A Qualified Defense of Supreme Court Confirmation Hearings
While there is deep disagreement about the merits of Amy Coney Barrett’s nomination, commentators across the political spectrum seem united in decrying the confirmation hearings as ridiculous, a “circus,” or even “verging on the absurd.”
Like many other observers, I thought a lot of what was said in the hearings was lame. Senators from both parties engaged in worthless grandstanding, and many of the nominee’s answers were evasive, at best. The same, I think, was often true of other recent SCOTUS nominees. And there was no shortage of dumb questions (such as this one by Sen. Lindsey Graham), and even ridiculous conspiracy-mongering.
My George Mason University colleague Adam White has a thoughtful Washington Post op ed outlining what confirmation hearings can potentially achieve. But even he likely realizes that the sordid reality is far from that ideal.
But, even if they remain largely as they are, the hearings serve useful purposes, despite their severe flaws. Requiring the nominee to run this gauntlet deters the nomination of cronies and hacks who aren’t knowledgeable and smart enough to avoid looking like idiots on national TV, as well as those who lack basic knowledge of constitutional law issues. As White puts it, ” the process deters palpably unqualified nominations. Presidents know they cannot nominate a judge who cannot convey a basic understanding of the law in response to senators’ questions.”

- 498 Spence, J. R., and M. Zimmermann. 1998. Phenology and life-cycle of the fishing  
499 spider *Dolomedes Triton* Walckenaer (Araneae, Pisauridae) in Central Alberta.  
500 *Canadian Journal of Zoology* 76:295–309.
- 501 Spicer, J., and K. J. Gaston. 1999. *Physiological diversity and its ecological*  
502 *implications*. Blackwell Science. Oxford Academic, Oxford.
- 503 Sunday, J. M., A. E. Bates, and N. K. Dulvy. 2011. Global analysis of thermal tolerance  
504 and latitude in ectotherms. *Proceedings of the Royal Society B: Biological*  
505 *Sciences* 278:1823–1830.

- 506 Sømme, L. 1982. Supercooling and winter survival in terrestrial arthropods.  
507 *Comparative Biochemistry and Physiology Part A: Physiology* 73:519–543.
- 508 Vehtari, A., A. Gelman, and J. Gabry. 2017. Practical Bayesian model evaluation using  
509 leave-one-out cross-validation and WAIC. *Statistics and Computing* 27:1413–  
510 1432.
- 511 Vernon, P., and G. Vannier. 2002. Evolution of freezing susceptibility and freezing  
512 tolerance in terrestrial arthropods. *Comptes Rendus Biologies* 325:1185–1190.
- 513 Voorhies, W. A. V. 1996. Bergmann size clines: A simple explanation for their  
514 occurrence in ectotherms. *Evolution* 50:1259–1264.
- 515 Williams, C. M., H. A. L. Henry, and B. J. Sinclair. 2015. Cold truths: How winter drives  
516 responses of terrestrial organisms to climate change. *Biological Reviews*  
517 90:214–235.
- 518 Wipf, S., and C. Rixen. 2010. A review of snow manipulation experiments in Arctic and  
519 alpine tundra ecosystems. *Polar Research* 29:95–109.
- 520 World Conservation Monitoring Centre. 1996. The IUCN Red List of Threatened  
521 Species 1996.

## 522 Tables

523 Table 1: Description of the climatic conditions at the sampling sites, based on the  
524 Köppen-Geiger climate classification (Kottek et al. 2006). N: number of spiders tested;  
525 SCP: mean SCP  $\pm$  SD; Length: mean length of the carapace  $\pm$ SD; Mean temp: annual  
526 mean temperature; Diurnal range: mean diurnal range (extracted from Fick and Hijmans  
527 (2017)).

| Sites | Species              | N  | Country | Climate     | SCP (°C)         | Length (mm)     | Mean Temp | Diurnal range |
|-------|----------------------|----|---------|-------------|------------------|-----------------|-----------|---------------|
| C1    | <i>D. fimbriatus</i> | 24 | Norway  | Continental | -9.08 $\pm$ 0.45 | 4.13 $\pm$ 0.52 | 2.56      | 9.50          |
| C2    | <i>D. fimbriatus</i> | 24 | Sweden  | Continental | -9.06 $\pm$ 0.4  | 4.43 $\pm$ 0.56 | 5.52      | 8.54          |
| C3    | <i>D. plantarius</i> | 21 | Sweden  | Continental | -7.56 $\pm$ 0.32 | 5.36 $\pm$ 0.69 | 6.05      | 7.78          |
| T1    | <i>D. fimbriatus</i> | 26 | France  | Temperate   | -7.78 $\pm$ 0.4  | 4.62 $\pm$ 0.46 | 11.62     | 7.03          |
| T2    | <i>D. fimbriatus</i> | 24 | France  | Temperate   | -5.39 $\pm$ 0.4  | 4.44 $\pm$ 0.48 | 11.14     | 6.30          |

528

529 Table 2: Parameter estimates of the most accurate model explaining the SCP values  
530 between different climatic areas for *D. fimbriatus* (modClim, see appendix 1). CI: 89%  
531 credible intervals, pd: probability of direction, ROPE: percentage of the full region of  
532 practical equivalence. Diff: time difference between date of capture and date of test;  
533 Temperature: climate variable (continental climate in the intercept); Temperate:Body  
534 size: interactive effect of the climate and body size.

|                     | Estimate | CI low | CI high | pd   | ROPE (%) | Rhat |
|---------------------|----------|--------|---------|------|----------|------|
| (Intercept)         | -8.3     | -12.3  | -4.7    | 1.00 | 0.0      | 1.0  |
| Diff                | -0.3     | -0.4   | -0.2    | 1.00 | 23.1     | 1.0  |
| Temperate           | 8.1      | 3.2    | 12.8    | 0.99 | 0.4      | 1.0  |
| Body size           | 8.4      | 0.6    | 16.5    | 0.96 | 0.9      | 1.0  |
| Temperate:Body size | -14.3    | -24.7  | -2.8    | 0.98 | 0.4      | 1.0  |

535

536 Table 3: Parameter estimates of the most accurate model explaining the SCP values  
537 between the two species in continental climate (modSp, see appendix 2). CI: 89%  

The confirmation process also creates opportunities for opposing party senators (and others) to dig for possible ethical and other flaws in the nominee’s background. This too helps deter some of the worst potential nominees. And it’s part of the reason why I oppose the rushing of the process undertaken by the GOP this case.
While few if any of the people nominated in recent years are ones I would have chosen if it were up to me, we could easily do much worse. The confirmation process—including the hearings—is part of what helps screen out worse nominees.
I have significant disagreements with, and res
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